Steve Flynt, Gwinnett’s chief strategy and performance officer, has heard the complaints and said another elementary school scheduled to open in 2017 should further ease overcrowding at Peachtree Elementary.
Gwinnett, Georgia’s largest school district, has grown by about 8,000 students over the past two years, district officials said. The district plans to open a new high school, a new middle school and two new elementary schools in August 2015 to accommodate the growth — thus the redistricting.
A group of parents created a Facebook page outlining objections. A handful of them attended a school board meeting to voice their concerns. District officials will review the feedback and possibly make changes.
“It’s a difficult process for those who are changing schools,” Flynt said.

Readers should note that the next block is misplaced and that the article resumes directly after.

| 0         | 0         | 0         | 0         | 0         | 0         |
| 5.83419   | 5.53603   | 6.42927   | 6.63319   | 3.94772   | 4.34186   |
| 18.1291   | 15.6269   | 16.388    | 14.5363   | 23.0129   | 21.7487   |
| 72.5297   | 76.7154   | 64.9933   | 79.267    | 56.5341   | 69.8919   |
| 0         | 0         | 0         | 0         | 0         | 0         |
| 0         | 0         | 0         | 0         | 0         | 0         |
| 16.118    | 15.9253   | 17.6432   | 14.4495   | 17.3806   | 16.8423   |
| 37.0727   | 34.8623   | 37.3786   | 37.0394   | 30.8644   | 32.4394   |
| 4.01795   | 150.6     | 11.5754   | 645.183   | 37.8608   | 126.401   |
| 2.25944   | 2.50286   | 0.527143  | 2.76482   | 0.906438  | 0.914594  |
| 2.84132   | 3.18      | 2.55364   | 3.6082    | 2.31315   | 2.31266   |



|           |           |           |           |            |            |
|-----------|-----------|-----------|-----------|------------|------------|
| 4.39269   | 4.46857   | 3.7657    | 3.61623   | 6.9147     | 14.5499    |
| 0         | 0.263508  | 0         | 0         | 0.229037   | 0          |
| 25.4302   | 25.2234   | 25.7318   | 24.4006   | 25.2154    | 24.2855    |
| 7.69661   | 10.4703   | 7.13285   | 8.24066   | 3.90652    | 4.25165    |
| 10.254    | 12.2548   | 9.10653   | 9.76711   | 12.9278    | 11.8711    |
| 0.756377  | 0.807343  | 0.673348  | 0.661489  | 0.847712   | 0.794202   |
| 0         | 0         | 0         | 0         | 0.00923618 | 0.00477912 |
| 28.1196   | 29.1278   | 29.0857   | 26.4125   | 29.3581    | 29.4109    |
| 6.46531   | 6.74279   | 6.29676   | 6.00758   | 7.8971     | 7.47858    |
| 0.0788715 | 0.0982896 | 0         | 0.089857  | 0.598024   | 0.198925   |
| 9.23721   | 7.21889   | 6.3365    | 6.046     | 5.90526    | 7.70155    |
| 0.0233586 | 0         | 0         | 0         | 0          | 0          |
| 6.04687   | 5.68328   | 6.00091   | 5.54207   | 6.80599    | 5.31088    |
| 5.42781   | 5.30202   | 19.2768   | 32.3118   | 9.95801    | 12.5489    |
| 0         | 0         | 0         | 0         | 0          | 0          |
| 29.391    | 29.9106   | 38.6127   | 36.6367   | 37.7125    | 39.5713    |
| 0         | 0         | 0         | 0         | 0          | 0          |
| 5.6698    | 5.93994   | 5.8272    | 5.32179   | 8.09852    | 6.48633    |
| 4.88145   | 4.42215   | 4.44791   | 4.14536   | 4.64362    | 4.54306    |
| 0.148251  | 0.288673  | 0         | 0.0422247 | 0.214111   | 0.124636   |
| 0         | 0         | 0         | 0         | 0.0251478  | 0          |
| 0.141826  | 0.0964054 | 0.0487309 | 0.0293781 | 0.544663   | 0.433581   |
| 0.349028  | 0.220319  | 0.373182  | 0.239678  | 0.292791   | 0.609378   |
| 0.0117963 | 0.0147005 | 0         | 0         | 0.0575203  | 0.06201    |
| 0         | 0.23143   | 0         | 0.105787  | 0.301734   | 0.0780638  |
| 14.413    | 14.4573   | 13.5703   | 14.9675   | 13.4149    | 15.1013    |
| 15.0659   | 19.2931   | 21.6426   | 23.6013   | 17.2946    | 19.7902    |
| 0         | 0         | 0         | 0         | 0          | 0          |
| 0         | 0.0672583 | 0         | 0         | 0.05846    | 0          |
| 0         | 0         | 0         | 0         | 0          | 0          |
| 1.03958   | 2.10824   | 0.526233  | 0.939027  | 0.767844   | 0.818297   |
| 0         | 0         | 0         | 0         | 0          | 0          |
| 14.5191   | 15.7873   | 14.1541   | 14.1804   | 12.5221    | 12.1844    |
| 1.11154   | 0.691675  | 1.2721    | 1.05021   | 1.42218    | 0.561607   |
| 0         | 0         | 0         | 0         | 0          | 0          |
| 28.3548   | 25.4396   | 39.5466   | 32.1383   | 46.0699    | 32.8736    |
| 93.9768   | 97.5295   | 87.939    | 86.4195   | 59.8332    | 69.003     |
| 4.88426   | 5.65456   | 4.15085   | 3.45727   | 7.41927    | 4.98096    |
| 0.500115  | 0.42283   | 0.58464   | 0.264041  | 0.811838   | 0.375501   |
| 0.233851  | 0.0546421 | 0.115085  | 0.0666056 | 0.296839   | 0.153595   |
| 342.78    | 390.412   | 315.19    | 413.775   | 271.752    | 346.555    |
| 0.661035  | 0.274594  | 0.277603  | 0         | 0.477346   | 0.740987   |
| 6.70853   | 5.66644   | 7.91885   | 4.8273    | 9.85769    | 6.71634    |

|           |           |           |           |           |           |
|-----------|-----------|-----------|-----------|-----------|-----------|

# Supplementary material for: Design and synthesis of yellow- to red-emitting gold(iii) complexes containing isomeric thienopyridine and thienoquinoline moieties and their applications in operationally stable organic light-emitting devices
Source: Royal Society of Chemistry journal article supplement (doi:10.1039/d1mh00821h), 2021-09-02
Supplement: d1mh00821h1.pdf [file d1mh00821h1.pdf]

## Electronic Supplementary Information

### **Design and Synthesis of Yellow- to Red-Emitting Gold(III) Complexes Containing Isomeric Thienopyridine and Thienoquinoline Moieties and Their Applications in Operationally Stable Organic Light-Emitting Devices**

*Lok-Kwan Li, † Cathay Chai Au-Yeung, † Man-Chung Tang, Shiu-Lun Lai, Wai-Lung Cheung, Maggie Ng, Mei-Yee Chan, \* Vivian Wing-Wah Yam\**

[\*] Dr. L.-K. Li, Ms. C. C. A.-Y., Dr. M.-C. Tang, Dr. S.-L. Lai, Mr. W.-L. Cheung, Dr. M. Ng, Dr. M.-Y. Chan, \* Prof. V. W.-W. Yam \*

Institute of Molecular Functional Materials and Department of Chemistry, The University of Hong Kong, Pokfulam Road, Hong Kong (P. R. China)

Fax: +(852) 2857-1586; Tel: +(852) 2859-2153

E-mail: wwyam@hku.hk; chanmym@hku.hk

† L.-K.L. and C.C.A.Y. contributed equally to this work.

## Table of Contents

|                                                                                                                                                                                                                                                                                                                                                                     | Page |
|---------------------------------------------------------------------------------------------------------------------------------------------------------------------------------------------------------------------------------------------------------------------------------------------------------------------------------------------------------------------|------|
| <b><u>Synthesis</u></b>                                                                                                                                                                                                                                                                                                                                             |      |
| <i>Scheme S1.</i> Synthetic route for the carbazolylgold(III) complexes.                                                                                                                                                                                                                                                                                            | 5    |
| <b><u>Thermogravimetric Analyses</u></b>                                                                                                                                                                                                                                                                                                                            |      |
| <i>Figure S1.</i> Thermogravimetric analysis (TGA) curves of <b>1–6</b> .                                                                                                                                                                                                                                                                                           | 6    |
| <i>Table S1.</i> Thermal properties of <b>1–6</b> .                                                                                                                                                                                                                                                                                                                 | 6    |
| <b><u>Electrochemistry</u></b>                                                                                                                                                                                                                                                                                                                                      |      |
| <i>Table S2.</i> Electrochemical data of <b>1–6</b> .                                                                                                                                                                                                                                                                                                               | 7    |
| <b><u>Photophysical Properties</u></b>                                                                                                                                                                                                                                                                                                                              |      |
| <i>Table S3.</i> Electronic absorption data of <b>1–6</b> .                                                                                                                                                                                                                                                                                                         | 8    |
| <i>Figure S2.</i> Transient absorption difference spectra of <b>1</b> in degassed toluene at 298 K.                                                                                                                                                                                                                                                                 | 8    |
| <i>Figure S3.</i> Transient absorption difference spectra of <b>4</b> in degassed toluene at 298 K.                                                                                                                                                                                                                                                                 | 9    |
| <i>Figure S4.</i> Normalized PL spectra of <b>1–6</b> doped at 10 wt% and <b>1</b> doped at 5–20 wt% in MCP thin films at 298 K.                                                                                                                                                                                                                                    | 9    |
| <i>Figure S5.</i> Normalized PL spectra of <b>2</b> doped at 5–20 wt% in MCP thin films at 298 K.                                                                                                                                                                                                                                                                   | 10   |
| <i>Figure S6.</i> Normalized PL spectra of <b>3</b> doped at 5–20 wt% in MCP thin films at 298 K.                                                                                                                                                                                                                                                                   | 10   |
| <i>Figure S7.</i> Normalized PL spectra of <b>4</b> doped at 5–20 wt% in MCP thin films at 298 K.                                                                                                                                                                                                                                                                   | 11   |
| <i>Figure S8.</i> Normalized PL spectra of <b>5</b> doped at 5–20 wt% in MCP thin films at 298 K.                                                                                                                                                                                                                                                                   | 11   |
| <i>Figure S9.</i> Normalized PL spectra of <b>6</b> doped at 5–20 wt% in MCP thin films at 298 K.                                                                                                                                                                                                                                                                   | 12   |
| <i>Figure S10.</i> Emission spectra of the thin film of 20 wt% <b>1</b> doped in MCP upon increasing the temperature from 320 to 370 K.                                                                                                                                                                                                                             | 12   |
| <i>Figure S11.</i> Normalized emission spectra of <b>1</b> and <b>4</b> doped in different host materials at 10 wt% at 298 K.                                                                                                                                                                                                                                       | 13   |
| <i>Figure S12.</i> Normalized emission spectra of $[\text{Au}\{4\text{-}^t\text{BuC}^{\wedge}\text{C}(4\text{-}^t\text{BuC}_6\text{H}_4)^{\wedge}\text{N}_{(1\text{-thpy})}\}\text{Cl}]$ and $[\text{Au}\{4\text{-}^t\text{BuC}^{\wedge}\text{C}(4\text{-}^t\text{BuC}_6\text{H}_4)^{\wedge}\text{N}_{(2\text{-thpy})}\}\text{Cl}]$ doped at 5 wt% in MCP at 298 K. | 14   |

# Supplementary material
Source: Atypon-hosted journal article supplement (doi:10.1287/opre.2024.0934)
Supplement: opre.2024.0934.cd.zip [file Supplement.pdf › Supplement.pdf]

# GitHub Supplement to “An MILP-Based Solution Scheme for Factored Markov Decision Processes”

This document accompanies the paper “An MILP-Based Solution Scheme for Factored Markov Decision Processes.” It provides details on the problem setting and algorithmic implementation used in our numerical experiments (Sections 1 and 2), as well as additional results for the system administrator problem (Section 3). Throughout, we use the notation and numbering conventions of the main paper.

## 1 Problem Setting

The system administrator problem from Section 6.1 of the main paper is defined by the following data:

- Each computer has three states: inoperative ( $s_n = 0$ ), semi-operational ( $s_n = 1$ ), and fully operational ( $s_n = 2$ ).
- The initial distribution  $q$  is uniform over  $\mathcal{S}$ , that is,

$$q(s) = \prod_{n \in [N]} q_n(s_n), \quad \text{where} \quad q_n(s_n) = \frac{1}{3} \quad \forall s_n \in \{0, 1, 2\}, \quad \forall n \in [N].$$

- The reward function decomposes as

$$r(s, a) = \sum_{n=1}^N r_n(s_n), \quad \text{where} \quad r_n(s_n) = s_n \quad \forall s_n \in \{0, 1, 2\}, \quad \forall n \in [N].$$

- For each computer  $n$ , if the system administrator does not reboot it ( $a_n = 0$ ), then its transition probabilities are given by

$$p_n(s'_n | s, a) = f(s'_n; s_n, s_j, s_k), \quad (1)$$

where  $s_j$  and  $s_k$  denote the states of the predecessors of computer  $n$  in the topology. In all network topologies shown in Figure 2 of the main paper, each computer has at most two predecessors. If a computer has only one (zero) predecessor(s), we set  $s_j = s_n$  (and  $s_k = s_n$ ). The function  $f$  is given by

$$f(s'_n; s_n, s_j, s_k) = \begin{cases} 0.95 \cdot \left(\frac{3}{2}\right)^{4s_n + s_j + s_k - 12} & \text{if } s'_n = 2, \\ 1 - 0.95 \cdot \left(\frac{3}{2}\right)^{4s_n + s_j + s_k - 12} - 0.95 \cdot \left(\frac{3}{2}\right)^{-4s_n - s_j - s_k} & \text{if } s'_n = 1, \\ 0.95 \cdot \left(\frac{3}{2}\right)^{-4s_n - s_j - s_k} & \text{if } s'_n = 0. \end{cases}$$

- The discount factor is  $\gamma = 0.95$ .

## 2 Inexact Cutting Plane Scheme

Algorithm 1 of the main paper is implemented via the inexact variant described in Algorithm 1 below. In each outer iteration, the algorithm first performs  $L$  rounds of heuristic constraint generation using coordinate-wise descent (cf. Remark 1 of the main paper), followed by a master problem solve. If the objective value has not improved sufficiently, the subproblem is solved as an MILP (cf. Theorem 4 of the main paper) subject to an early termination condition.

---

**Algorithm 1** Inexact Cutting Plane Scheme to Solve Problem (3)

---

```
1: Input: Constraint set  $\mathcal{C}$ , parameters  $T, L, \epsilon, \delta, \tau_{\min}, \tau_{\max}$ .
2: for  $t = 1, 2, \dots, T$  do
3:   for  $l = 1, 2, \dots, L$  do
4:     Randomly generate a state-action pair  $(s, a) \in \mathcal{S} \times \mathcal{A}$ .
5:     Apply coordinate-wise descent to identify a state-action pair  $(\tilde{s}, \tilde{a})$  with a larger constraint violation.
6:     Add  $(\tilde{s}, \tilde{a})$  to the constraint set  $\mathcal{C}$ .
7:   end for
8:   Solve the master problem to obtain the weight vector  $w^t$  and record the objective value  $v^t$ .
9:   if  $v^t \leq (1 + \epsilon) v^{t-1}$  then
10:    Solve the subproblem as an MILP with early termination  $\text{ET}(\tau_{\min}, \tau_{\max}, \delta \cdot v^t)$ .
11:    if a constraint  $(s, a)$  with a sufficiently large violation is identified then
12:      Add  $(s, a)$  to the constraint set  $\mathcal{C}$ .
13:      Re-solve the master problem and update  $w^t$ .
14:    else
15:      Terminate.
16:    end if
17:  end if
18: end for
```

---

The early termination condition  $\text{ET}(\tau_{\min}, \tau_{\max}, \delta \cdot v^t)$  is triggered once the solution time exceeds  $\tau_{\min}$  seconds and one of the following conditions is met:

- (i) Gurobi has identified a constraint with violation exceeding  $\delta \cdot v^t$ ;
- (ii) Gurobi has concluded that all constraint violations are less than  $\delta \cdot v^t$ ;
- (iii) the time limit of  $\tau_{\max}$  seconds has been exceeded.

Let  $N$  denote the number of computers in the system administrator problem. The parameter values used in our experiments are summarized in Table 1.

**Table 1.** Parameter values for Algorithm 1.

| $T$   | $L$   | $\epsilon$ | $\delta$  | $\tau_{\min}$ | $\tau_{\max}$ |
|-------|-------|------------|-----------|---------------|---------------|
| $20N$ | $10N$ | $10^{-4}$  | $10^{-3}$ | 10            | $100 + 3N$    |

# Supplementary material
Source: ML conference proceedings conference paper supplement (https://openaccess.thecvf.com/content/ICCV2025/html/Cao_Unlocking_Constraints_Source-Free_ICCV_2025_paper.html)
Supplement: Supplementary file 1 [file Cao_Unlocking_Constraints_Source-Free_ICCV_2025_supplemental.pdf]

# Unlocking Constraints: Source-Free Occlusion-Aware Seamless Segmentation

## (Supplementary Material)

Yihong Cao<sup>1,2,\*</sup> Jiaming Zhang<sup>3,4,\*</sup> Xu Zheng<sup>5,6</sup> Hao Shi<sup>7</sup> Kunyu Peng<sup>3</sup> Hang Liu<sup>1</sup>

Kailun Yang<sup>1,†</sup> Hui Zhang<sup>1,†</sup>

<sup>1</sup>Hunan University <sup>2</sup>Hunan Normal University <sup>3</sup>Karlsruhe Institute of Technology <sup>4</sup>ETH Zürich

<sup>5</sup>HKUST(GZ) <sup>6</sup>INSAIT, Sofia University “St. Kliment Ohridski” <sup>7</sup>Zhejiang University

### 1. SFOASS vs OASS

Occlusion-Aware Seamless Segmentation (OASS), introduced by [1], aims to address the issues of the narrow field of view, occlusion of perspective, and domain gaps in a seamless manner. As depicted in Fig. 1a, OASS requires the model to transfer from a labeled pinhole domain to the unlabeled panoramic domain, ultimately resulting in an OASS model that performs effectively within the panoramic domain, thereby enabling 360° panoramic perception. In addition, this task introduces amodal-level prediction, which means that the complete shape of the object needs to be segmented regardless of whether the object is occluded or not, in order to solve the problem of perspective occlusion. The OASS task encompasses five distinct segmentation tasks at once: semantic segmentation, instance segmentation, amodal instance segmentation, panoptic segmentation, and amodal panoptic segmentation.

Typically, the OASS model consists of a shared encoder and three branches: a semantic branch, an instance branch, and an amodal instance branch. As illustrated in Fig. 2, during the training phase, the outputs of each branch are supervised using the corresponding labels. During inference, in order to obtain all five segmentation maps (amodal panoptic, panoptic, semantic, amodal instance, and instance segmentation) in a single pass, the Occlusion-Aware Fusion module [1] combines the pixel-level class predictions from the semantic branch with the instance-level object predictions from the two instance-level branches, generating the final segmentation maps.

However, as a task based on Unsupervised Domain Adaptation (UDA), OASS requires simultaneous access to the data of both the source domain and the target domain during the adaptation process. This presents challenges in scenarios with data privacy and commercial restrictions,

Beth Tuttle is worried about the academic performance at Richards Middle School, where her daughter, a straight-A student in Gwin Oaks Elementary School’s gifted program, is being reassigned. Richards’ state College and Career Ready Peformance Index score is 15 points lower than the score of the school she was scheduled to attend.
“If I take my all-A student and put her in a school with a lower rating, is she expected to perform at a lower standard?” Tuttle asked.
Flynt said the district does not consider CCRPI scores or demographics during redistricting. Gwinnett has a process that allows some students to stay at a particular school, but the parent or guardian must provide transportation for the student.
Some parents say transportation is a problem. Ann Malkoc, whose son is a second-grader at Bethesda Elementary School, noted he would be reassigned to Alford Elementary, which is more than a half-mile farther away. Malkoc doesn't believe it's practical, one of several reasons she doesn't support the proposed changes.
“I’ve been over the moon about (Bethesda) and the quality of instruction,” Malkoc said. “It breaks my heart to have to leave that school.”